Gig workers should be given more power to hold companies to account under the law as a first step to making the gig economy fit for the future, according to a new report and survey published by the RSA which shows one in five would consider this way of working in future.
Good Gigs: A fairer future for the UK’s gig economy recommends the burden of proof be shifted to companies to prove gig workers are not employees and that penalties should be strengthened against companies who use clauses that prohibit employment status litigation.
It also calls for tribunal fees for workers challenging their employment status to be scrapped and tribunal rules to be modified to allow for a fast-track summary process to give workers immediate clarity.
And it calls for wider reform and a new approach to regulating the gig economy. The report proposes that, under ‘shared regulation’, government, gig economy companies and workers should collaborate to create a Charter for Good Work in the Gig Economy, setting out how the sector can support career development and professional fulfilment.
In addition it calls for greater investment in ‘Worker Tech’ and sustainable business models and for an inquiry into whether market competition across the whole economy is robust and serving the interests of customers, suppliers, shareholders and taxpayers.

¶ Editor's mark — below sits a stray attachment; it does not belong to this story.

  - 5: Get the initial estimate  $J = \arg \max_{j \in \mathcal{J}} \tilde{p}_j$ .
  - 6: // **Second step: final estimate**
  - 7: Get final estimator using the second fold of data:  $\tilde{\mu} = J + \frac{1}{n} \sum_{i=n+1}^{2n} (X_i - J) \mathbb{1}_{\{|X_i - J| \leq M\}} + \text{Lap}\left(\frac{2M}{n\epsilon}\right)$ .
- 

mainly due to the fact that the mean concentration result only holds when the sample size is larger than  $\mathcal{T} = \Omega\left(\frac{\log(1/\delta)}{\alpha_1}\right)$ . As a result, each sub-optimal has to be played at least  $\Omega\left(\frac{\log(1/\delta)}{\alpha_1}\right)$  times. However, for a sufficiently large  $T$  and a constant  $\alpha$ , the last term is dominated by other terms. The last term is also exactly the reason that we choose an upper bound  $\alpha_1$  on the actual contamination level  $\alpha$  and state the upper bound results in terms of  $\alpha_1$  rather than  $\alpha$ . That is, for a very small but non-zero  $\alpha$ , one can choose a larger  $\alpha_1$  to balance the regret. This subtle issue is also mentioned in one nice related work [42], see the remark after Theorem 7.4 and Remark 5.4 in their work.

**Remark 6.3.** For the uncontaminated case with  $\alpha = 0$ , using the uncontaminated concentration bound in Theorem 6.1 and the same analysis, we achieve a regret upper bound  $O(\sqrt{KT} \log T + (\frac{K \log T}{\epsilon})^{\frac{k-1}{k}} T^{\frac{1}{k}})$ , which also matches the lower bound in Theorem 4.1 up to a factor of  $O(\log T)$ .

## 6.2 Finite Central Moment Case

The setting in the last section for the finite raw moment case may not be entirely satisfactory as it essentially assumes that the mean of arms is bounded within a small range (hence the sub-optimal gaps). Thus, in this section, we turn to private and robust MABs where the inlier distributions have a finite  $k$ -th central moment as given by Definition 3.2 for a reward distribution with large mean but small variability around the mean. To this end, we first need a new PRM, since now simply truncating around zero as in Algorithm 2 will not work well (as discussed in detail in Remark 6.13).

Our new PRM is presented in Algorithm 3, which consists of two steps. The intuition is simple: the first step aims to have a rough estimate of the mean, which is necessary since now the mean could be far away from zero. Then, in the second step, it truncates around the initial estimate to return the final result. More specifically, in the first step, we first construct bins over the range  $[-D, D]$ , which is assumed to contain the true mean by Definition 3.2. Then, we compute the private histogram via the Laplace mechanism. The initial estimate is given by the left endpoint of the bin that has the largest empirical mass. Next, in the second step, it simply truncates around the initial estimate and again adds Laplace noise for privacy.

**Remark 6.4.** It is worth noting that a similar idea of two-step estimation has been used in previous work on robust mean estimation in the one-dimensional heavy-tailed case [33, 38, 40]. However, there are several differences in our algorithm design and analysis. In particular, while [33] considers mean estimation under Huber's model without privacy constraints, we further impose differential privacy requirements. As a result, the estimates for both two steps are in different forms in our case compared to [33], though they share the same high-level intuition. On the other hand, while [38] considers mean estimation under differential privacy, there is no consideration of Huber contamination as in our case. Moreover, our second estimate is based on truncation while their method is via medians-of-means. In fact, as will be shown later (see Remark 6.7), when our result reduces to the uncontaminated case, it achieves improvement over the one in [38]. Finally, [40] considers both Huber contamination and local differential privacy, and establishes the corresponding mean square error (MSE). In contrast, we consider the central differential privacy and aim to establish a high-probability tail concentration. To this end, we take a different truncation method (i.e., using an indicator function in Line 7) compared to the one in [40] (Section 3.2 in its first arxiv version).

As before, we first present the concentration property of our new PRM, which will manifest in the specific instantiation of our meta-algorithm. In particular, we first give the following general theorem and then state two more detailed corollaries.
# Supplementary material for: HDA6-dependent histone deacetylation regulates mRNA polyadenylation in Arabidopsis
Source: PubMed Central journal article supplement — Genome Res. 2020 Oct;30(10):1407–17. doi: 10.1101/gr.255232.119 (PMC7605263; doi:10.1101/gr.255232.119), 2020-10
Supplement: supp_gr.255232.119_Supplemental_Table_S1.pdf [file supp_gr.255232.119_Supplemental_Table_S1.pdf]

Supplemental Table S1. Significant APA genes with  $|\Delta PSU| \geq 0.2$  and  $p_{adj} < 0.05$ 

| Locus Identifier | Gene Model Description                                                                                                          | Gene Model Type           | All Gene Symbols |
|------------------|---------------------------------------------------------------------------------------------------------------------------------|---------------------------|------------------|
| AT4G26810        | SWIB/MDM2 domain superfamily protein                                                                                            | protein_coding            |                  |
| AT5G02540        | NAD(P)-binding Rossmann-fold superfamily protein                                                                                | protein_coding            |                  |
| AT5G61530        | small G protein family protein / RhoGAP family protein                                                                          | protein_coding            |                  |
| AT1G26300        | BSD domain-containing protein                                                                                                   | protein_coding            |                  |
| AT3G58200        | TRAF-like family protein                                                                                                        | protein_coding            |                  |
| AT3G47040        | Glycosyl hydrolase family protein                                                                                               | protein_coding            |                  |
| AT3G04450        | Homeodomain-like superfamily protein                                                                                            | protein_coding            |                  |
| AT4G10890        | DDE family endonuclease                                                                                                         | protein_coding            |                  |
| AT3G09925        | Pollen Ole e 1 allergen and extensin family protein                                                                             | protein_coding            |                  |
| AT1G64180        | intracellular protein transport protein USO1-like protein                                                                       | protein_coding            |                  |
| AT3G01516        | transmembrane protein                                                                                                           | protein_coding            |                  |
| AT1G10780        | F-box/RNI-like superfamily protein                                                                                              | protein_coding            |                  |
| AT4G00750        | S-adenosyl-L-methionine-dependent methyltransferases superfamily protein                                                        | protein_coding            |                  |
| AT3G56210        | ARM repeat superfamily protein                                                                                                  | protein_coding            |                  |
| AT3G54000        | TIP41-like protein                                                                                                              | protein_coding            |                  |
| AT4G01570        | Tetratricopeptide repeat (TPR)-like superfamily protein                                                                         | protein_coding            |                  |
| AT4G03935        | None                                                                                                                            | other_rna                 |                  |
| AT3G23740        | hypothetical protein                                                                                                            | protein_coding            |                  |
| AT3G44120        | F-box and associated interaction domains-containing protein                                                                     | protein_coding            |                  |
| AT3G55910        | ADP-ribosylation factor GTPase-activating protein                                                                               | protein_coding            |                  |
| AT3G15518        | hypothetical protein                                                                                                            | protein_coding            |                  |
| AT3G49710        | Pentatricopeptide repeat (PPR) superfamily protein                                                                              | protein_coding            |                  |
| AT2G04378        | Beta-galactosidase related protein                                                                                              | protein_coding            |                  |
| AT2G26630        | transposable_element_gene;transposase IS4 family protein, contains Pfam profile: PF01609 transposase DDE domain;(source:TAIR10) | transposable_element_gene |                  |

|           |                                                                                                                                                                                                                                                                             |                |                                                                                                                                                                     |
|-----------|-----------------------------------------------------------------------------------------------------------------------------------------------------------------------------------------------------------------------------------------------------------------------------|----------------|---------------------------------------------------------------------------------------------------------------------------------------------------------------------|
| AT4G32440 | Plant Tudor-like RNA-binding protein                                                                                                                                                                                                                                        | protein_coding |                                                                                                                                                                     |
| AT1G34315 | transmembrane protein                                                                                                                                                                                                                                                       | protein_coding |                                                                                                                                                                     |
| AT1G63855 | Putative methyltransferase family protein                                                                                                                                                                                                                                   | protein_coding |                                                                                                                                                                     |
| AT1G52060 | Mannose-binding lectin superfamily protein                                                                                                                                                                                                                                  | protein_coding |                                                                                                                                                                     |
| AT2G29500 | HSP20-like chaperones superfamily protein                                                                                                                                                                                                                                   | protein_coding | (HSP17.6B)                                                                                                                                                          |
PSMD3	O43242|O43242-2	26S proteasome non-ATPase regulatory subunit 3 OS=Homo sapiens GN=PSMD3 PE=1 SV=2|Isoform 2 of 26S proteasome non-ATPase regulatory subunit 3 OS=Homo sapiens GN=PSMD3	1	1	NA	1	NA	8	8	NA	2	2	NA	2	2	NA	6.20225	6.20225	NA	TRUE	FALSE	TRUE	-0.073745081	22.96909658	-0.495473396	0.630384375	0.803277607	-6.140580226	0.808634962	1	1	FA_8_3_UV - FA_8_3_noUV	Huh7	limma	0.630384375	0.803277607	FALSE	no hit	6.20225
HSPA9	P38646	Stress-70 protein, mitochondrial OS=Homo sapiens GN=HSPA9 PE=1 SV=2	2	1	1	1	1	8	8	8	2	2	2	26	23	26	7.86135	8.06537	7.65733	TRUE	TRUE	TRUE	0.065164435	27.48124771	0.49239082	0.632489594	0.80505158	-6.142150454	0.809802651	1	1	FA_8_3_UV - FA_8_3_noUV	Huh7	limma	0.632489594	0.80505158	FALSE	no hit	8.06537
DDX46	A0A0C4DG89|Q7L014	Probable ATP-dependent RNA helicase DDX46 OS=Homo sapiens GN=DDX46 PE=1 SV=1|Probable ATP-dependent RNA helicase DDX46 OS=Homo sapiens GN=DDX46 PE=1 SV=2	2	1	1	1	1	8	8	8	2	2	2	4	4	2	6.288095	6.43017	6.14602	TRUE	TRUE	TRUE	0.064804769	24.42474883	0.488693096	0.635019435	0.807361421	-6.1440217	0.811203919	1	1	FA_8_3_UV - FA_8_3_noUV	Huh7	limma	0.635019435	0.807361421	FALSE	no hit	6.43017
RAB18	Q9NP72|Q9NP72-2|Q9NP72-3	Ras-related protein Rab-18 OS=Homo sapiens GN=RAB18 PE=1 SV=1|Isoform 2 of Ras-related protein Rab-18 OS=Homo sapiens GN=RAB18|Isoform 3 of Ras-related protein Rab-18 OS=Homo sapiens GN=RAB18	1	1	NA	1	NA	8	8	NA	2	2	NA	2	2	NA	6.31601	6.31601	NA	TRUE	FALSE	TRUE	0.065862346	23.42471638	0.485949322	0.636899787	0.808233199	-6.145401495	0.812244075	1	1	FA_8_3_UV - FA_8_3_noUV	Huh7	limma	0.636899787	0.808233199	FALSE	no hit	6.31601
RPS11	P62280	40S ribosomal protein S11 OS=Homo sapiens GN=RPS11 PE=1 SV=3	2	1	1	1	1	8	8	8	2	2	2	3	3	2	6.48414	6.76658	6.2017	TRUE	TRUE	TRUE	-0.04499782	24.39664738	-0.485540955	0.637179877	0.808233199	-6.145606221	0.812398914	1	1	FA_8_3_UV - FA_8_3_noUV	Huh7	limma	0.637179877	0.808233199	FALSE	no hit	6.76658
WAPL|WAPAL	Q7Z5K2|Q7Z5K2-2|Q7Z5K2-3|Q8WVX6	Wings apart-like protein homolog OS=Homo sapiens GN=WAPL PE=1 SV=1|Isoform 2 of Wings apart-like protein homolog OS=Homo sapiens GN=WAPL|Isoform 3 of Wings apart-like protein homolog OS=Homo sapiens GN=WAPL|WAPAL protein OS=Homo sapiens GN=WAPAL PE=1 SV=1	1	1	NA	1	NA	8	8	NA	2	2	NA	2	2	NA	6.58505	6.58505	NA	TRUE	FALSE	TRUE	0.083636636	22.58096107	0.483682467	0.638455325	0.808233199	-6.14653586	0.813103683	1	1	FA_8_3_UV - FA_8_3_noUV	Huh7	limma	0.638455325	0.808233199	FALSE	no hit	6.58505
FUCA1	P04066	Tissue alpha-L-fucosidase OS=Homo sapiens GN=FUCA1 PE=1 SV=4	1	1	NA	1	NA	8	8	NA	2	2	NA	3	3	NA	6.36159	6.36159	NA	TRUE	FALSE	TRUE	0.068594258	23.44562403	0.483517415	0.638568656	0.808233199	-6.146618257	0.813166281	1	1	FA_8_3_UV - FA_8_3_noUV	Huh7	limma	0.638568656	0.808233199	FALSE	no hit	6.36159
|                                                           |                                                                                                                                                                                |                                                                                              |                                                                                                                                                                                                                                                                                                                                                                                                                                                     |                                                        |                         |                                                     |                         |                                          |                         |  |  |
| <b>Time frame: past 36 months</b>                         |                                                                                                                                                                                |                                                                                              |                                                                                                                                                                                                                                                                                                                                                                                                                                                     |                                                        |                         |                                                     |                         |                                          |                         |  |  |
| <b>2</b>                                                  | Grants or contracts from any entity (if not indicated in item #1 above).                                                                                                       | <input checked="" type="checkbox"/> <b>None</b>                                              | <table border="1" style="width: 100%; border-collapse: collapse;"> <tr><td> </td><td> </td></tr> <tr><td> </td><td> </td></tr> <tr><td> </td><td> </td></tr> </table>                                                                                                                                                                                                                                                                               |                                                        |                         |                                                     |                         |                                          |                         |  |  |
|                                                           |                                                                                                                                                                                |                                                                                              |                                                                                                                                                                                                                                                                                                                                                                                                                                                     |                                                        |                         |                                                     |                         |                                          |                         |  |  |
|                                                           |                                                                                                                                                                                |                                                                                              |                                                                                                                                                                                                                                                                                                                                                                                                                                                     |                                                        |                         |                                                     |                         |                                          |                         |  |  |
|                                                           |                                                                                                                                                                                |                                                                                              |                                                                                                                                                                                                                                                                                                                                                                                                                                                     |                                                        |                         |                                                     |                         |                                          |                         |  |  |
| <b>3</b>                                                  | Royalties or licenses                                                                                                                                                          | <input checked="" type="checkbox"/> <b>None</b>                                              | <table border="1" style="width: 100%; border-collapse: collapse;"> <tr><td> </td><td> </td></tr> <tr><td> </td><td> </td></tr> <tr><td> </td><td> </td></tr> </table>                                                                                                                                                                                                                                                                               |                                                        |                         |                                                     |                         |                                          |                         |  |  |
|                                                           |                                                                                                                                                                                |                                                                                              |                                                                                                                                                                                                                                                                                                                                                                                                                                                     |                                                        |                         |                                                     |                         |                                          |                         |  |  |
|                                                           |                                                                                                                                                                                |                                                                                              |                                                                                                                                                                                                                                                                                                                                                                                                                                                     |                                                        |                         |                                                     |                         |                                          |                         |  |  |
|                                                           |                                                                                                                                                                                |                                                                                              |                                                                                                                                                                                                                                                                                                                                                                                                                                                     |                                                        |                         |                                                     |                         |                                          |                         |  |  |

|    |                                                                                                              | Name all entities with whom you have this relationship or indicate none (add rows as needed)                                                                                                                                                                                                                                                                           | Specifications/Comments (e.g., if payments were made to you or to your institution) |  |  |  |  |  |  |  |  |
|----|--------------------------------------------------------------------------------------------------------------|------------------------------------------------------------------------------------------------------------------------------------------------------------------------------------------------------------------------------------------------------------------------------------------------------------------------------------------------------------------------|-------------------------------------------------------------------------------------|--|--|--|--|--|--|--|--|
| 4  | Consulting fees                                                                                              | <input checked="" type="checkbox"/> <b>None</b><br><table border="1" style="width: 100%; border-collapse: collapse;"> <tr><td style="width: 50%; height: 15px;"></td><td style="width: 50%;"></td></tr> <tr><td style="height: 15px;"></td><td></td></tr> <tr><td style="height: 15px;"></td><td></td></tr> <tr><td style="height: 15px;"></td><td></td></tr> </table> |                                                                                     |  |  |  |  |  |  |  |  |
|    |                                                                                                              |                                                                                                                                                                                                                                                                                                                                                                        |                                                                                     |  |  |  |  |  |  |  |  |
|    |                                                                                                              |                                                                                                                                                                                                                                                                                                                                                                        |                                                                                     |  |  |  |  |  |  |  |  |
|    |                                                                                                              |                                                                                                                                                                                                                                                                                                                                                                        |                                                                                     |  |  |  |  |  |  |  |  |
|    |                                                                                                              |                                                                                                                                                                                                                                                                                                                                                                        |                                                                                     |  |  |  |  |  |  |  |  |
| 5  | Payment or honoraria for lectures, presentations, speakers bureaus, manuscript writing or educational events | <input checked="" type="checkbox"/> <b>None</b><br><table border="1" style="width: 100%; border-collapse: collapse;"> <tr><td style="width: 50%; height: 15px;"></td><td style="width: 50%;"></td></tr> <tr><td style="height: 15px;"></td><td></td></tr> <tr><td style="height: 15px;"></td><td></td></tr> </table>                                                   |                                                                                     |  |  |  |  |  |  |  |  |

An RSA survey shows there are currently 1.1 million people working in Britain’s gig economy, making it almost as big as NHS England and claims almost one in five of the working age population – or 8 million people – would consider some form of gig work in the future. It says young people are particularly attracted to gig work. A third of the gig economy workforce is aged between 16 and 30, compared to 11% of other self-employed workers and a quarter of employees. A quarter of all 16 – 30 year olds are considering gig work in the future.
The report’s lead author, RSA Senior Researcher Brhmie Balaram, said: “Our survey – the biggest ever of its type – shows the potential for the gig economy to grow at great speed over the coming years. In the short term, this means we must tackle the debate about the employment status of gig workers and clarify the law.
But to truly transform gig workers’ experiences of the labour market, we need an approach that goes way beyond legal housekeeping. That’s why we are urging government and the gig economy industry to collaborate and create a good work charter which sets out how gig workers can have fulfilling working lives.”
*Picture courtesy of Wikipedia.